Stinging Nettle and Honey Cake Recipe (Gluten free)
Stinging nettles and honey? Not only do stinging nettles taste wonderful in cakes, they add a healthy note to sweet recipes with the wild foraging angle as a bonus! Usually, stinging nettles are used in savory dishes, much like spinach, sauteed or pureed, but in France, nettle desserts are traditional in some regions.
Lucky for me, I’ve got a generous local patch of stinging nettles that keeps me happy year-round. Looking for a good cake recipe for gluten-free friends, I couldn’t find anything exciting and set to create this recipe for a stinging nettle and honey cake. As I’m a huge fan of coarse cornmeal for baking, I made it into the 100% wholegrain element that replaces wheat flour in traditional recipes and it works wonders. This cake is always a success, whether or not you eat gluten-free at home, and it’s a great cake for sharing. What’s not to like?
Foraging for Stinging Nettles
Foraging for the nettles is a fun part of the cake process. What you want is healthy looking nettle top leaves and stems, foraged by hand with a kitchen glove that will protect you from the stings. I find that the top part of the stem snaps easily in the spring and doesn’t require any particular blades, but it’s possible that you need to get creative later in the season. All you need is a pair of rubber gloves and a plastic or fabric bag to bring them home.
Looking for stinging nettles is a great excuse to take a walk with my daughters and forage for a wild edible that nobody else wants. You can find stinging nettles almost anywhere in parks, trail sides, cemeteries. Basically any disturbed terrain, as in affected by human activity, is good ground for stinging nettles. Look around the edges, around bushes and trees, along fences, and you’ll find them. I have a Royal Park nearby that’s a great resource for my foraging needs.
To make this cake gluten-free, I use coarse grind cornmeal by Bob’s Red Mill because I love the coarseness and nuttiness of the grain. It’s gluten free, vegan, vegetarian, 100% whole grain, high in fiber, kosher Pareve. You can’t fault coarse grind cornmeal at all, it’s a perfect whole grain for baking. Unfortunately, the culture of cornmeal in Europe boils down to polenta so it’s really hard to find coarse grind cornmeal that works out the same way as far as texture. Until I find a European alternative, I’ll keep buying Bob’s Red Mill’s medium grind cornmeal at extortionate prices on Amazon.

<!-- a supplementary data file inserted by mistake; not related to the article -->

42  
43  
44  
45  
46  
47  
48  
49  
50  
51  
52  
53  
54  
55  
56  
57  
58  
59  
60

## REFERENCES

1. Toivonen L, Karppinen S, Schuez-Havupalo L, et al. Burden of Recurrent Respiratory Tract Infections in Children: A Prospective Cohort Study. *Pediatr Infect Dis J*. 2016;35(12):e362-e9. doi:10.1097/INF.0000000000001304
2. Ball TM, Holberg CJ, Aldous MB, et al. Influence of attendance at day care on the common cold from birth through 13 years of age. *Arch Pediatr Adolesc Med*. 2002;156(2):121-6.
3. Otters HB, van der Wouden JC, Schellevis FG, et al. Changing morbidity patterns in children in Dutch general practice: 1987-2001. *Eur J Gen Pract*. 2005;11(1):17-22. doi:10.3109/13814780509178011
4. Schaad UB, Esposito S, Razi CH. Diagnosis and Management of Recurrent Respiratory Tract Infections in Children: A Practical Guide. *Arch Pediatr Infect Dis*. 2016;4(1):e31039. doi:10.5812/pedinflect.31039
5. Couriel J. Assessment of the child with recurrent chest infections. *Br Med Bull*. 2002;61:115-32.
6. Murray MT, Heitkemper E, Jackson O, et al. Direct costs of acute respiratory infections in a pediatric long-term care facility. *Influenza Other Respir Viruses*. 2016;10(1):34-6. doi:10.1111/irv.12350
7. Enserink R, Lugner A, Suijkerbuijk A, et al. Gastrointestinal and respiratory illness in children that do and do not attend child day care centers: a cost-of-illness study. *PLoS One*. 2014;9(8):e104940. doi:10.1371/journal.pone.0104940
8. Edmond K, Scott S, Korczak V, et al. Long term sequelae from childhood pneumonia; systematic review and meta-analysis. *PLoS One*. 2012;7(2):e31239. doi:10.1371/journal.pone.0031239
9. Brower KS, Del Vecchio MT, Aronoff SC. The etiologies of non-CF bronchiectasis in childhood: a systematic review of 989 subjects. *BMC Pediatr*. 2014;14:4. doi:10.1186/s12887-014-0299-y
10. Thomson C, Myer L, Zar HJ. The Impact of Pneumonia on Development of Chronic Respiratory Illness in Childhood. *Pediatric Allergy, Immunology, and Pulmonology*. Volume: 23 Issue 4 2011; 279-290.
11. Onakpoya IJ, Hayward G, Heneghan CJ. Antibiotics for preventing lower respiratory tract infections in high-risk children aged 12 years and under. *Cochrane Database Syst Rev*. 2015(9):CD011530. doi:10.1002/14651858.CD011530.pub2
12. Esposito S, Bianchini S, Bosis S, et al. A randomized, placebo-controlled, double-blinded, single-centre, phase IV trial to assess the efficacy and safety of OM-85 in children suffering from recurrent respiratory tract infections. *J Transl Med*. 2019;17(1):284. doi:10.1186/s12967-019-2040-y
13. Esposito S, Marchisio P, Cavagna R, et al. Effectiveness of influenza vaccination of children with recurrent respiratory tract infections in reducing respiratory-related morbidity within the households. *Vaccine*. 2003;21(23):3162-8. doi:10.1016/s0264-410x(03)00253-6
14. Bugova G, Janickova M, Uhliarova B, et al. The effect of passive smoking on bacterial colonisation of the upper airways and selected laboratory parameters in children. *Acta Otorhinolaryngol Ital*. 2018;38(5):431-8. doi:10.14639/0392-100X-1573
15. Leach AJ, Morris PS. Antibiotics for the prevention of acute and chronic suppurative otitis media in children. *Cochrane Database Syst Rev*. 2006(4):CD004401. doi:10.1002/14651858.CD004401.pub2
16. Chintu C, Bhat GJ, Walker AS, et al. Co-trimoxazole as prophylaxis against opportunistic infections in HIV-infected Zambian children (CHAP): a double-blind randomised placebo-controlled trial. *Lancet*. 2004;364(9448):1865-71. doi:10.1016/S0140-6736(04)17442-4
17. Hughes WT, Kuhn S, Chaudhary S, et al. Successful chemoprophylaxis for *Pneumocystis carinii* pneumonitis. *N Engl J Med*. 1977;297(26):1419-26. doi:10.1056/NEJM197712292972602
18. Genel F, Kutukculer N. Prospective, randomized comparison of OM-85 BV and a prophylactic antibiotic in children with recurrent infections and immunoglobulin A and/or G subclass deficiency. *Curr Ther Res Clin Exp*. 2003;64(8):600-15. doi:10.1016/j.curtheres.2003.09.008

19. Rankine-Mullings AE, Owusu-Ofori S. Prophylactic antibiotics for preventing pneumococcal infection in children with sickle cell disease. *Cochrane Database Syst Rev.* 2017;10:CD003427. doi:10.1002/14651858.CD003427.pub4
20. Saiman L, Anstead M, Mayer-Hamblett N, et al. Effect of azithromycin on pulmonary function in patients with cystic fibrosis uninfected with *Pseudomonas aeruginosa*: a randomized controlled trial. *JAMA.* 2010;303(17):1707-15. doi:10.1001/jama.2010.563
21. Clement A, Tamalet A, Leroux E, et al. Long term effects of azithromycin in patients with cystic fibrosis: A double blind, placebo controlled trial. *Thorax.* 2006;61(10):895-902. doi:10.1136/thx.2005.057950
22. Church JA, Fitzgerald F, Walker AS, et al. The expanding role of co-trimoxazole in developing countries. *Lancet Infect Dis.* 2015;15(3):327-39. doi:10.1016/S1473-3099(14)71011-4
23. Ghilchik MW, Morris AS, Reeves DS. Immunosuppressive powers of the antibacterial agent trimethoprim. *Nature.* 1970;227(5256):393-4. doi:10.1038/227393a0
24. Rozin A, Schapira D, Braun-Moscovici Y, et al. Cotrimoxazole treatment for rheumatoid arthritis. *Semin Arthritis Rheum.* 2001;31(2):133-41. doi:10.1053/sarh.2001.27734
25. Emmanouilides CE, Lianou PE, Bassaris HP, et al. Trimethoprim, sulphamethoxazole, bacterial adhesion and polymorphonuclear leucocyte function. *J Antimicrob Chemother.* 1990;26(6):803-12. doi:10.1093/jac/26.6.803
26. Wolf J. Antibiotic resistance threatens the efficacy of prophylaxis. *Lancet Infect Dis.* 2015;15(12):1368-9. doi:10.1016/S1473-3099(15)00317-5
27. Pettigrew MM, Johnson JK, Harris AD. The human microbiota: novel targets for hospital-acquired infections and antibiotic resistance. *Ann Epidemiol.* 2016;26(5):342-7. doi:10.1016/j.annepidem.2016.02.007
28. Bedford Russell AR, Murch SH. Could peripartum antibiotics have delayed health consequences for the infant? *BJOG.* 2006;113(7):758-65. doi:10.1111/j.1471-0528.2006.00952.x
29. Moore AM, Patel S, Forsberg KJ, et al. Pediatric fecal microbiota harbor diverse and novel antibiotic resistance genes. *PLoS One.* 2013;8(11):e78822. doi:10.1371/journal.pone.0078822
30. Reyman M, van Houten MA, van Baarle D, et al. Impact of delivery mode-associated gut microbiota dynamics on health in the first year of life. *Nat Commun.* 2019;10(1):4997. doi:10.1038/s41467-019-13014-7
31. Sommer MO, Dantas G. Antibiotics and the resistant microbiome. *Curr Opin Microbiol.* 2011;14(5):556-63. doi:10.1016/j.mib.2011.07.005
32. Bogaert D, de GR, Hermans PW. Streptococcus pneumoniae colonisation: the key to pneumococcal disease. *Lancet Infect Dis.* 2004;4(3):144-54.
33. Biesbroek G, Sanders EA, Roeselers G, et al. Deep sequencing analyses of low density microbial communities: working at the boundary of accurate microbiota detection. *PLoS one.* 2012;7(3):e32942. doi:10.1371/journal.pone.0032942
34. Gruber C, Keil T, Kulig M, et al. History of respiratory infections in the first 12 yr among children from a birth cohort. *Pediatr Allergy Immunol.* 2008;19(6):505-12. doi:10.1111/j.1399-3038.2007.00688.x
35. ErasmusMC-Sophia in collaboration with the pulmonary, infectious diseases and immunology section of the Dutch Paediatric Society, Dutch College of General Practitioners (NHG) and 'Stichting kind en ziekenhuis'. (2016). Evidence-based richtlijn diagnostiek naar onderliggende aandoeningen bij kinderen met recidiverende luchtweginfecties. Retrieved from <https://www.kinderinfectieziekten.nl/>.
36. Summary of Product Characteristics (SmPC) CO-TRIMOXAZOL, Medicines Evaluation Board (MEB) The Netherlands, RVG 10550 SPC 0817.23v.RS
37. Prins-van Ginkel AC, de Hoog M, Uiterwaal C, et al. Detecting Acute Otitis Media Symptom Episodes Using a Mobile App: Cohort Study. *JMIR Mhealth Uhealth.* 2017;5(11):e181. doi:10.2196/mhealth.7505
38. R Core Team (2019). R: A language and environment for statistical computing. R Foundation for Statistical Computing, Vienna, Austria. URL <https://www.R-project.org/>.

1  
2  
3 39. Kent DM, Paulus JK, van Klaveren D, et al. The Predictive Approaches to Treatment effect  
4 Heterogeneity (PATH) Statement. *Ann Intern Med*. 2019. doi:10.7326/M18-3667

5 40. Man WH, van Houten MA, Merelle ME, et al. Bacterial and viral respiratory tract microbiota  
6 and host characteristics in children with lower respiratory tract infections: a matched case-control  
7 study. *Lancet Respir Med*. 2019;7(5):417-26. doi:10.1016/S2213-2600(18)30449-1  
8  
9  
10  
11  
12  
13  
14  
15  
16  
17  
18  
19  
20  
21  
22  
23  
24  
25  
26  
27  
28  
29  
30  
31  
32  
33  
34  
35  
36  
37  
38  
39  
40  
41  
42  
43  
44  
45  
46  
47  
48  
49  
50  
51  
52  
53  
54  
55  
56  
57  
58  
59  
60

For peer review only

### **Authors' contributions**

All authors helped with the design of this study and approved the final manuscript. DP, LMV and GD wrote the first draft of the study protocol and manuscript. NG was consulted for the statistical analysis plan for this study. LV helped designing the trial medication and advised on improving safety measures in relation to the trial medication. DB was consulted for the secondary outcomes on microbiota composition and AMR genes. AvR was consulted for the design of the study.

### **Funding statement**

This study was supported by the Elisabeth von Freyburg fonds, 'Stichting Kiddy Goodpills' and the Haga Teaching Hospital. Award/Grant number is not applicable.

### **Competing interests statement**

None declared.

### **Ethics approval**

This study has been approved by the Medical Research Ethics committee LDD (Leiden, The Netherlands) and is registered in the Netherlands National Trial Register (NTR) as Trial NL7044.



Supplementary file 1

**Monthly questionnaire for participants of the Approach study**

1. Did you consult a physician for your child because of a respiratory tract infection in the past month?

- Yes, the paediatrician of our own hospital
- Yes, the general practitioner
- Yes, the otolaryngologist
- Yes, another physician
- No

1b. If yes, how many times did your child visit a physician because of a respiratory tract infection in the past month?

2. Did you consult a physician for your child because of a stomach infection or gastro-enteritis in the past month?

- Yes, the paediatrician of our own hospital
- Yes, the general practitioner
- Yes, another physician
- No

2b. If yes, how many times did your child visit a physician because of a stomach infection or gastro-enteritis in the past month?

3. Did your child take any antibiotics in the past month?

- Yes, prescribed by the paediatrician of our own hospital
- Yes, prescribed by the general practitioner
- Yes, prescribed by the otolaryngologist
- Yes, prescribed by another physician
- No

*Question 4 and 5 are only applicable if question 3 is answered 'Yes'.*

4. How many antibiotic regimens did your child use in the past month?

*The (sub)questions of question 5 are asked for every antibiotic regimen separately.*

In taste and texture, expect this stinging nettle and honey cake to be quite close to French pain d’épices, a spicy quick bread sold in loaves and a staple afternoon snack for kids. It also works great after Saturday morning races at the Serpentine Swimming Club. It will springy and slightly sticky on the sides, and delicious as is or toasted and served with butter.
Every ingredient matters in a 5-ingredient recipe and honey with character certainly makes a difference. The honey you use will have a lot of influence on the taste so if you can, pick a local honey you’re very fond of, not just pasteurized supermarket runny honey from random countries.
I use Scottish heather honey from Struan Apiaries or store-bought heather honey, with some chestnut honey thrown in for good measure. Chestnut honey is one of the strongest honeys in terms of fragrance and really adds to this recipe.
Now the recipe.
Stinging Nettle Cake
- 225 grams Unsalted butter
- 250 grams Honey
- 150 grams Molasses (or treacle)
- 300 grams Cornmeal (coarse grind)
- 100 grams Stinging nettles (wilted, pureed)
- 3 Eggs
- 1/2 tsp Salt
- 2 tsp Baking powder (gluten free)
- Preheat the oven at 160C/320F.
- Melt butter, honey and molasses over low heat until the mixture becomes runny. Set aside to cool down.
- Add pureed stinging nettles and eggs to wet ingredients.
- Stir in cornmeal, baking powder and salt with a spatula.
- Pour into a tea cake mould, either nonstick or lined with parchment paper.
- Bake until inserted toothpick comes out dry, 40 to 50 minutes.
- Let cool.